Five proven strategies to evaluate public health campaigns

Public health organizations work hard to get meaningful results for the populations they serve with each new awareness initiative or behavior change campaign. We know what they’re up against. KW2 specializes in behavior change marketing and public health campaigns. In fact, since 1986 we’ve contributed to more life-changing and life-saving efforts than any other communications company in the state of Wisconsin. In our past and current work for dozens and dozens of public health campaigns, ranging from debunking myths and reducing stigma surrounding HIV, to reducing Wisconsin’s adult smoking rates, we’ve achieved proven results.

Yes, funding can be tight, with most public health and public sector budgets typically not stretching far enough to cover campaign evaluation. State and federal entities conduct large-scale studies to get public health data, but due to methodologies, funding and other complexities, these results are typically not tied to any particular organization’s efforts. And because of the complexity of public health research and reporting, the results are usually published a year or more after a campaign has concluded.

No two campaigns’ objectives are alike, but we’ve found that proving effectiveness comes down to answering just three questions:

  • Did the campaign reach the community it needed to reach?
  • Is the community more aware of the message now than they were before?
  • Was there any positive behavior change impact, temporary or lasting, as a result of this campaign?

Here are KW2’s five proven strategies for evaluating the effectiveness of public health campaigns (plus one bonus).

1. Gather community insights and benchmarks 

Most public health campaigns address a need for a specific community or at-risk population. Before developing campaign messaging and creative, the behavior change and public health experts at KW2 form relationships with community leaders and activists to gather key insights. Through interviews and conversations, these networks help us set benchmarks and evaluate our efforts before, during and after a campaign.

Community connections produce anecdotal evidence of our campaign reach and impact. While the response is not statistically significant like survey results, it can be a meaningful way to not only gauge the success of our message and outreach, but also to form meaningful relationships with community leaders.

2. Conduct message exposure studies

KW2 has used phone, mailed and online surveys to gather information from a core sample of an intended audience before and after a campaign has run, asking Wisconsin residents aided and unaided awareness questions about the campaign or issue. A successful campaign will result in a statistically significant increase in awareness.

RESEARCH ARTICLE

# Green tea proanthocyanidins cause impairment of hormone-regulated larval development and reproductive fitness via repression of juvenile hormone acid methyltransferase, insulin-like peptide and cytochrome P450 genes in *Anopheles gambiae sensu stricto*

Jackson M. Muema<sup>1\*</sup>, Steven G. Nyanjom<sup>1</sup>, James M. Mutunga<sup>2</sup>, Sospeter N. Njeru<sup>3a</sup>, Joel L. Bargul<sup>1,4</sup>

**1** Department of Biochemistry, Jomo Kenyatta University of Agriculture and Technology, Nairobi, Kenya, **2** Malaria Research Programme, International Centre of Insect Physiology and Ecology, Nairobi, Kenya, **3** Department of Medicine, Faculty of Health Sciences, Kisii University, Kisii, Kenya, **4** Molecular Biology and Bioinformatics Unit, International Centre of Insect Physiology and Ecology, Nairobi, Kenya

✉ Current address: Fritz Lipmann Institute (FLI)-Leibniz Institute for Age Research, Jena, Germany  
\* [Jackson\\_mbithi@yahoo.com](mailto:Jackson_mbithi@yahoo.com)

3. Gather media campaign metrics

When KW2 runs traditional media campaigns like radio, TV, bus shelter banners, or digital ads, our media partners provide reliable, audited numbers. This data shows what percentage of our intended audience was exposed to our messaging, in addition to how many times (frequency). When we evaluate these metrics, we make sure we’ve effectively reached our core population without spilling too much into other audiences. 

4. Evaluate website metrics

Like many of the B2B and B2C clients we work with, a website is your “always-on,” 24/7 marketing message. The place the audience can go any time to learn about you, communicate with you, and learn what your message is all about. Most public health campaigns involve the launch of a new website that’s built for the community in need, and the message that will serve the cause. KW2’s user experience designers and digital strategists don’t just organize the content on these campaign websites; they create them with measurability in mind. We track the most important metrics that will show you how many people you’ve reached, and what content influenced them:

  • What channels (paid and earned) led people to your campaign website.
  • Campaign-specific metrics, like locating a clinic on an interactive map, sharing an image on social medial or submitting a pledge to make a life change.
  • Shared and downloaded content, or other metrics to show if a message has been amplified.
  • Unique visitors vs. repeat visitors.
  • Demographics of visitors (such as location or age).

5. Engage in social listening

During message testing, create and test a hashtag or set of branded vocabulary to use throughout the life of the campaign. Set up a social listening service (choose from low-cost options like Google Alerts, Hootsuite or Sprout Social to know when people are talking about your campaign terms). Seeing social buzz and online conversations about your campaign is a great way to prove an effective reach. We encourage monitoring the use of key phrases before, during, and for a trailing period after a campaign has ended to get a true picture of how much of an impact the campaign has online.

BONUS: anecdotal evidence

Sometimes, community members and the general public see our campaigns and they just can’t help themselves. Parents call the organizations we work with just to tell them our ad hit close to home. One Milwaukee resident sent Facebook Friend requests to people who worked on a campaign because she felt so touched by the message she saw. A post-doctorate student saw one of our campaigns and asked if they could contribute research. While these results are not statistically significant, they help us take the temperature on how our ads are perceived.

The measurement strategies above vary in cost, scientific reliability, scalability and breadth, but we believe a combination of quantitative and qualitative analysis helps prove the effectiveness of any public health or behavior change campaign.